NEW YORK TIMES
'Body of St. Luke' Gains Credibility
October 16, 2001
By NICHOLAS WADE
A new DNA analysis gives tentative support to the belief that the
remains in an ancient lead coffin are those of St. Luke,
traditionally considered the author of the third Gospel and the Acts
of the Apostles.
Dr. Guido Barbujani, a population geneticist at the University of
Ferrara, Italy, has extracted DNA from a tooth in the coffin. He
concluded that the DNA was characteristic of people living near the
region of Antioch, on the eastern Mediterranean, where Luke is said
to have been born. Radiocarbon dating of the tooth indicates that
it belonged to someone who died between 72 A.D. and 416 A.D.
A report by Dr. Barbujani and colleagues appears today in the
Proceedings of the National Academy of Sciences of the United States.
The Evangelist, according to ancient sources, was a physician who was
born in Antioch and died at 84 in about 150 A.D. in the Greek city of
Thebes. The coffin with his remains was taken to Constantinople, the
capitol of the Byzantine empire, in 338 A.D. and later moved to Padua,
Dr. Barbujani and his colleagues speculate that the coffin may have
been sent out of Constantinople for safekeeping, either during the
reign of the Emperor Julian, who tried to restore paganism, or during
the iconoclast period of the eighth century, when many religious
images and objects were destroyed.
The coffin is known to have been in Padua at least since 1177 A.D. It
was placed in a marble sarcophagus and kept in the Basilica of Santa
Giustina. It was last opened in 1562 A.D. and seems to have been
somewhat ignored until October 1992. At that time the bishop of
Padua, Antonio Mattiazzo, received a letter from Hieronymos, the
Orthodox Metropolitan of Thebes, asking that part of the relics to
be donated to the site of Luke's tomb in Thebes.
Bishop Mattiazzo, according to an article in November 2000 in Traces,
a Catholic journal, decided to investigate the relics under the
leadership of Dr. Vito Terribile Viel Marin, a pathologist at the
University of Padua. In 1998 the 400-year-old seals were removed from
the lead coffin, and the study began.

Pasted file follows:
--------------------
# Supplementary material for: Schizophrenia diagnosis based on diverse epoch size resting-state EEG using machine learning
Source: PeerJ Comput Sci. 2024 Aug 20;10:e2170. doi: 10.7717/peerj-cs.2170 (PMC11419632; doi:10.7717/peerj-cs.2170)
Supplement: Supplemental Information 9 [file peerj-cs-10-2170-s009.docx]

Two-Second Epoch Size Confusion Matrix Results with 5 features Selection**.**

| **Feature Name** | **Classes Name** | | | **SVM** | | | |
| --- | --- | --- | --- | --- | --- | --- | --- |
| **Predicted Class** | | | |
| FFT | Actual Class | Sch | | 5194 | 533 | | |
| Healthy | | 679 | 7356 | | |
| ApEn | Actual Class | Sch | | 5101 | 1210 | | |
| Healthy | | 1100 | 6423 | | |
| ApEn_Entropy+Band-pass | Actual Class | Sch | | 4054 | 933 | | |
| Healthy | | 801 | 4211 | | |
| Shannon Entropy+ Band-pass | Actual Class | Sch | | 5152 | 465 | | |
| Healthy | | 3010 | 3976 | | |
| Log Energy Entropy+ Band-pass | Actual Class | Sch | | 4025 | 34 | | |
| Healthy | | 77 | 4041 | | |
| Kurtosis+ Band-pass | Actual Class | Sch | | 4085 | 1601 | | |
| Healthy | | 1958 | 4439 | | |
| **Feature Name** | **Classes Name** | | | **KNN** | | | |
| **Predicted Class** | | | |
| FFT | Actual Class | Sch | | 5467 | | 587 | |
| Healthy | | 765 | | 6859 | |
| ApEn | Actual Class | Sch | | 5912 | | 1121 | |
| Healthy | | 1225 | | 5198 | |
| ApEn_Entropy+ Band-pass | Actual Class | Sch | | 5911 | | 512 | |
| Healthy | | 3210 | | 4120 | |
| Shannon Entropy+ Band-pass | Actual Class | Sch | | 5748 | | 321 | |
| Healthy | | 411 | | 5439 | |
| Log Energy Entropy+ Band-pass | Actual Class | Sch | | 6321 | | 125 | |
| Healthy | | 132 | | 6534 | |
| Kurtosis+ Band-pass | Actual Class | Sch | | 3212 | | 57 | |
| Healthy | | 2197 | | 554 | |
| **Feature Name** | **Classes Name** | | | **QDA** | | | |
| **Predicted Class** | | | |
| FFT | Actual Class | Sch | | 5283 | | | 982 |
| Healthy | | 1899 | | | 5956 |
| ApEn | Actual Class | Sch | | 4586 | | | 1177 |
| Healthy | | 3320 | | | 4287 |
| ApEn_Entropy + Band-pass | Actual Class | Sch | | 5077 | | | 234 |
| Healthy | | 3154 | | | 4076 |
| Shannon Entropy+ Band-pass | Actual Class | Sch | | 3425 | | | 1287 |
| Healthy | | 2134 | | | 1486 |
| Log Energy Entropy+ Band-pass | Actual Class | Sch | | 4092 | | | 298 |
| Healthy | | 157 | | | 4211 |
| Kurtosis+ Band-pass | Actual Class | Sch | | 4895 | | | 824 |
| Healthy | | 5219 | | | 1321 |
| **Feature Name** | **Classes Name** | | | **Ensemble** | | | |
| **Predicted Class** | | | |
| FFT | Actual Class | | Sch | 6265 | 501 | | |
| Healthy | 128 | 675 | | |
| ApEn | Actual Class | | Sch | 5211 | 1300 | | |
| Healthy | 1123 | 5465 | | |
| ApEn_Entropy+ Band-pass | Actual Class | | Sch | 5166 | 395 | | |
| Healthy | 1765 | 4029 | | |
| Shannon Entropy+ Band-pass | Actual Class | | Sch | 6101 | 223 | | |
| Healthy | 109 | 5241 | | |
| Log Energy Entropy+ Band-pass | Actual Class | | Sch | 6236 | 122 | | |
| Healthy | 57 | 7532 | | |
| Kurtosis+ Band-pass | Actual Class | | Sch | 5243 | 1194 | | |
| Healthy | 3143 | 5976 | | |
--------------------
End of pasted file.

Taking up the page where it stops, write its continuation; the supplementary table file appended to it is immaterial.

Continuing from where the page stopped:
The dimensions of the coffin exactly fit the tomb in Thebes onsidered
to be Luke's. In the coffin was a skeleton, but not the skull.
Dr. Barbujani and his colleagues say the body appears to have
decomposed in the coffin because of matching insect marks on the lead
and the pelvis, which has fused to the lead.
The spread in the radiocarbon dating indicates at least two
possibilities. One is that the body is that of Luke or a man who died
at the same time, the other is that for some reason, a new body was
put in the coffin in Constantinople around 300 A.D.
To help distinguish between the two, Dr. Barbujani, an expert on the
genetics of European populations, analyzed fragments of DNA from the
tooth, a canine, found on the floor of the coffin, and sought to
compare them with likely living representatives of the ancient
populations of Antioch and of Constantinople. An Antioch match would
suggest the body could be Luke's.
Since the present population of Antioch includes many Kurds, Dr.
Barbujani sampled the DNA of Syrians from nearby Aleppo. In place of
the inhabitants of ancient Constantinople, now Istanbul, he tested
Greeks from Attica and Crete.
The DNA from the Padua tooth, a type inherited only through the
mother's line, turned out to resemble Syrian DNA more than Greek DNA.
"Our data tell us the body is absolutely compatible with a Syrian
origin," he said. "But I am aware of the limitations of the DNA data,
and though a broad spectrum of ages is possible, the most likely is
300 A.D." Hence both possibilities should remain open, he said.
The body, if indeed it is Luke's, has experienced a simpler voyage
through history than the head, which was removed by the Emperor
Charles IV in 1354 and taken from Padua to Prague, where it rests in
the Cathedral of St. Vitus, in the Prague Castle.
"There were officially two heads of St. Luke, one at Prague and one
in Rome," Dr. Barbujani said. At Bishop Mattiazzo's request, the
Prague skull was brought to Padua and found to fit perfectly to the
topmost neck bone. The tooth, found on the floor of the coffin, also
fit into the right socket in the jawbone.
Though many relics turn out to be forgeries, executed in modern or
medieval times as demand arose, the Padua body seems more likely than
most to be what it is claimed to be, although exact proof is lacking.
"I think we should accept that there is no way to tell if it was the
Evangelist Luke, but the genetic evidence does not contradict the
idea," Dr. Barbujani said.
Last October, according to the Traces article, at least part of the
body completed the circle to its original resting place. Bishop
Mattiazzo sent a rib from the skeleton for Metropolitan Hieronymus to
place in the empty Theban tomb.
If you have trouble getting access to this article in the NY Times,
try the BBC site which has another article.
Zoom down to the bottom and look for SCI/TECH (with photographs of
Saint Luke's teeth)